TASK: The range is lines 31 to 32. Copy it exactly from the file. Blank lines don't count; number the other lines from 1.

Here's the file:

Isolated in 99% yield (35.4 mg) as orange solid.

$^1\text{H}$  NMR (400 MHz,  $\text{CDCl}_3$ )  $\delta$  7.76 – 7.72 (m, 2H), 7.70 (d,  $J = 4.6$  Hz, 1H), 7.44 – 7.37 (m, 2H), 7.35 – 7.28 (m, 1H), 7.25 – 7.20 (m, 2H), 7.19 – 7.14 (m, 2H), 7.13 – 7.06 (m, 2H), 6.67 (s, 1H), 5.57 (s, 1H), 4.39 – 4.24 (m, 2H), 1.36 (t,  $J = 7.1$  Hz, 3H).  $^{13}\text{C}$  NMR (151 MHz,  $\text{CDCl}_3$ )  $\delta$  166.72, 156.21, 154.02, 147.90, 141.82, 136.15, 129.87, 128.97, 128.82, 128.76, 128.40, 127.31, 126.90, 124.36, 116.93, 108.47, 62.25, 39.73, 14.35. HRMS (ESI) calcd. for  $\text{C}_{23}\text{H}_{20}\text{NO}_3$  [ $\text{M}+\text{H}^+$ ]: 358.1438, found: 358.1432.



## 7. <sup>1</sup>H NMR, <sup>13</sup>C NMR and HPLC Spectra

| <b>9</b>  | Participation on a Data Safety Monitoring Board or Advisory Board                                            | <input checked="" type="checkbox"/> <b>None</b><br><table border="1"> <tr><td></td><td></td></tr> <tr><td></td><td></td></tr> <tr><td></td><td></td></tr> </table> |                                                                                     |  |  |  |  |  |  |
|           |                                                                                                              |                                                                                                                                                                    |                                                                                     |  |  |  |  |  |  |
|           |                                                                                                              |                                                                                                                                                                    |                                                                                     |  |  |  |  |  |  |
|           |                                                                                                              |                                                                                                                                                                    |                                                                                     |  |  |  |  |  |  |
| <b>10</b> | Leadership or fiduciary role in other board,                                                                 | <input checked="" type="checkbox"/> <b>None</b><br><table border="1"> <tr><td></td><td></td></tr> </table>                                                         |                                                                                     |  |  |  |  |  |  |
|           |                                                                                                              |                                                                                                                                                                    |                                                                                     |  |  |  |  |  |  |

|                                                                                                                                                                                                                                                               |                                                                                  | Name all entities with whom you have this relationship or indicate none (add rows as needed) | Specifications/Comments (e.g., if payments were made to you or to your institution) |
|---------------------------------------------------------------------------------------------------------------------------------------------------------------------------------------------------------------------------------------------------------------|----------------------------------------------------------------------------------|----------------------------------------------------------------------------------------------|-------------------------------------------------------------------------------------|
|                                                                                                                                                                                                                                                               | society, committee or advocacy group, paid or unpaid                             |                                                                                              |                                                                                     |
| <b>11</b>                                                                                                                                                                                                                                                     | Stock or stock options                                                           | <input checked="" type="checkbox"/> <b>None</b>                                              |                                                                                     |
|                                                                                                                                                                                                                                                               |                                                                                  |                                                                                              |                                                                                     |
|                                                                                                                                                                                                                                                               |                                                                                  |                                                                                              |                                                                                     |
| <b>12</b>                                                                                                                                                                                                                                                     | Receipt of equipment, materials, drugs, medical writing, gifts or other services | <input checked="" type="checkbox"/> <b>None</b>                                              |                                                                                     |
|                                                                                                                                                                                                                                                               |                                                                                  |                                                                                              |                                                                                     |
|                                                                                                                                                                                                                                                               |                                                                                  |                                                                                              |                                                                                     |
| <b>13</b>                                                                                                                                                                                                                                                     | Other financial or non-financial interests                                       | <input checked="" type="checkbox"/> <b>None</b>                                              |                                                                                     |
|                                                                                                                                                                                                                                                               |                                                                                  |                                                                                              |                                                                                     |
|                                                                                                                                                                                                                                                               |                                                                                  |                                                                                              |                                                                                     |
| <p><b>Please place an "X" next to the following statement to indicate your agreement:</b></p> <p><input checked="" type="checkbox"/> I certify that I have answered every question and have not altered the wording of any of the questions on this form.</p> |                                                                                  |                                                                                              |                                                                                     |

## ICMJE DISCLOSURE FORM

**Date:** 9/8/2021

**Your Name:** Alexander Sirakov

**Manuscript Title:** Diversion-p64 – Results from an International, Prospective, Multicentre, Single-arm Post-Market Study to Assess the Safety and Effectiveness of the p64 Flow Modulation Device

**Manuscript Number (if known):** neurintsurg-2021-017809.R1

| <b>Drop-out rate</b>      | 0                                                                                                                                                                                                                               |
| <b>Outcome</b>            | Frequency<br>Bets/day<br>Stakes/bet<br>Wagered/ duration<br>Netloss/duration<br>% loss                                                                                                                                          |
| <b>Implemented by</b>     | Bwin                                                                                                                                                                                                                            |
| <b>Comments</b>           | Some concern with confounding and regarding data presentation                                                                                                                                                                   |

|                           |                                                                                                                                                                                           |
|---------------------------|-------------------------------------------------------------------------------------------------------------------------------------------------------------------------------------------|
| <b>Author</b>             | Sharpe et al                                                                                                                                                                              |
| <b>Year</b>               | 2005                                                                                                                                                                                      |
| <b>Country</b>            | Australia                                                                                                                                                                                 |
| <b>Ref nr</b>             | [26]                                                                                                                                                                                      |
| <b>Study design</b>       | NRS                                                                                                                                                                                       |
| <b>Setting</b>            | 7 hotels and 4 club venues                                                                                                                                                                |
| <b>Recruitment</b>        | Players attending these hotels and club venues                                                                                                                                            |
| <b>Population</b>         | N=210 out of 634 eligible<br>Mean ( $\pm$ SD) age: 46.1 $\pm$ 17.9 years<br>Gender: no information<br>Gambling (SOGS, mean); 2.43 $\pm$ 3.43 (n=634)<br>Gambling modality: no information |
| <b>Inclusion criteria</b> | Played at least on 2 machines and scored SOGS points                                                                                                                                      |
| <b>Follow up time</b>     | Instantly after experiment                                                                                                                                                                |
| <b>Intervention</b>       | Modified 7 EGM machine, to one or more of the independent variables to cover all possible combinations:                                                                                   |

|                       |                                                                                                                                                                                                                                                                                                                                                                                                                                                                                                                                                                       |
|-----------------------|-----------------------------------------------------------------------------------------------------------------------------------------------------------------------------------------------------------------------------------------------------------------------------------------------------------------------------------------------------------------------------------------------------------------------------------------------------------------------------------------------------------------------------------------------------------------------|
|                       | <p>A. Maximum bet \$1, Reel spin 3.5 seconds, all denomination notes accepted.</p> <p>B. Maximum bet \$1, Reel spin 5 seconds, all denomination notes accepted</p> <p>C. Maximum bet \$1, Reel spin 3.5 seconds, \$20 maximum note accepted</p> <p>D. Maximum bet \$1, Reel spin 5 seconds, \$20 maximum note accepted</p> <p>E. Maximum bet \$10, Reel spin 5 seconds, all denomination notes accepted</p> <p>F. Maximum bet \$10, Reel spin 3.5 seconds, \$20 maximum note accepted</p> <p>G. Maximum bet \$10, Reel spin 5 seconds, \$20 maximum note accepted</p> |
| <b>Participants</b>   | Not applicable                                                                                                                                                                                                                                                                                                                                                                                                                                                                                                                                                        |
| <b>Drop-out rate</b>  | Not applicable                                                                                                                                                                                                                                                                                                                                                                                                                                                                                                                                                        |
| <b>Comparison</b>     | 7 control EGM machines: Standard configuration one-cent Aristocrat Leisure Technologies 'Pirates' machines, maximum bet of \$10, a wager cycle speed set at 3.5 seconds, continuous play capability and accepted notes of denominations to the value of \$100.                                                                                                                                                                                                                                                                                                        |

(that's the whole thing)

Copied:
| <b>Comments</b>           | Some concern with confounding and regarding data presentation                                                                                                                                                                   |

|                           |                                                                                                                                                                                           |